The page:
That only holds true for a sound weld. Even then it's a blanket statement that doesn't always hold true. For example the high strength steels that bicycle frames are made from are often welded with filler that is weaker than the parent metal. The OP's frame has a giant bug hole in it, which is a great place for a crack to propagate. I've seen plenty of cracked frames that originated from inside the weld zone, most all of them from defects similar to this one. You shouldn't have to buy a Moots to expect a frame that doesn't have weld defects the average rider can blatantly see.

  22. #22
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    Hi again.

    I am still waiting for CRC to reply and in the meantime I did some extra research. For example I quote from the following site Defective Welds: Revealing Welding Flaws through Visual Inspection

    Minor internal porosity does not significantly affect weld performance but surface porosity is a serious condition.

    Almost all fatigue fractures begin at the surface of the metal; anything that interrupts the surface of the metal is a fatigue crack nucleation point. This would include the craters created by surface porosity. Welds with surface porosity should always be replaced.

    And this site as well Troubleshooting the MIG Welding Process

    Porosity occurs when a gas pocket becomes caught in the weld puddle. This discontinuity can appear at a specific point on the weld or along its full length. It can occur on the surface of the weld or inside it. Regardless of the location, the result is always the same: a weaker weld.

    So based on the above I think that I am not (that) crazy.

  23. #23
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    Quote Originally Posted by customfab View Post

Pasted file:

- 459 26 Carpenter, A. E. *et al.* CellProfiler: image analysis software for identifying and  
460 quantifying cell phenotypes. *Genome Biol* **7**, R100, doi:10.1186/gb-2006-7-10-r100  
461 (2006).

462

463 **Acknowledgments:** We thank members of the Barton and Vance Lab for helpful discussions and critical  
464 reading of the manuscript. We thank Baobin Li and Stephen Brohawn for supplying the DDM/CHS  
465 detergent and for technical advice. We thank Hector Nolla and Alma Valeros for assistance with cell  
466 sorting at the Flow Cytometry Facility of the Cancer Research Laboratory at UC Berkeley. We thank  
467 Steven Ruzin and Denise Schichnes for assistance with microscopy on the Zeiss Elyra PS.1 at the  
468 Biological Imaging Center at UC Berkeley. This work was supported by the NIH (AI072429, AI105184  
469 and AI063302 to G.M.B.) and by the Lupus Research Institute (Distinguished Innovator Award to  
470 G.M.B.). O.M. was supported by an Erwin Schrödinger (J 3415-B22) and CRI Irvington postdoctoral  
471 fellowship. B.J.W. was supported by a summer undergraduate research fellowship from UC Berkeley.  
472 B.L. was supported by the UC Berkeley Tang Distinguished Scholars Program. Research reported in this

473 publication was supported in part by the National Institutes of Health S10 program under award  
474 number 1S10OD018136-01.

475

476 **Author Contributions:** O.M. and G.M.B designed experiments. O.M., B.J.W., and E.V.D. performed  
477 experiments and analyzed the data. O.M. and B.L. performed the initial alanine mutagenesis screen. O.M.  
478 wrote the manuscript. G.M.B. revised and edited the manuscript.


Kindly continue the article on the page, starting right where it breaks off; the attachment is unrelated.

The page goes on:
That only holds true for a sound weld. Even then it's a blanket statement that doesn't always hold true. For example the high strength steels that bicycle frames are made from are often welded with filler that is weaker than the parent metal. The OP's frame has a giant bug hole in it, which is a great place for a crack to propagate. I've seen plenty of cracked frames that originated from inside the weld zone, most all of them from defects similar to this one. You shouldn't have to buy a Moots to expect a frame that doesn't have weld defects the average rider can blatantly see.
    Agreed & agree with post #22. I'm new here so I don't want to rock the boat but I am also a Welding Engineer. You may not have any problem what so ever with that flaw but then again you might find a crack may start from it - it all depends on the load and direction of load surrounding the flaw. Surface breaking flaws are indeed generally worse that non surface breaking ones, and it is in a reasonably highly stressed location. For peace of mind see if they can swap it out. Is it me or does it look like there is a lack of filler around that bigger tube - is that the tube od edge you can see in the picture, and if it is shouldn't that edge be picked up and filled out with a cover fillet...??

  24. #24
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    Just to avoid any misunderstanding I have installed a protective transparent thick tape on the top tube so maybe this is why you see this gap.

    Anyway I did my part and already sent photos to CRC and for now I am waiting in good will.

  25. #25
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    CRC has just replied and they will collect the frame and send me a new one.

    The only thing that I can do is praise CRC for the great customer and warranty service provided by them since they replied in only 2 days and offered the expected and desired solution.

    I couldn't be more satisfied so the only thing that I can say is that *Chain Reaction Cycles | MTB | Road | TRI | Run just gained a loyal customer!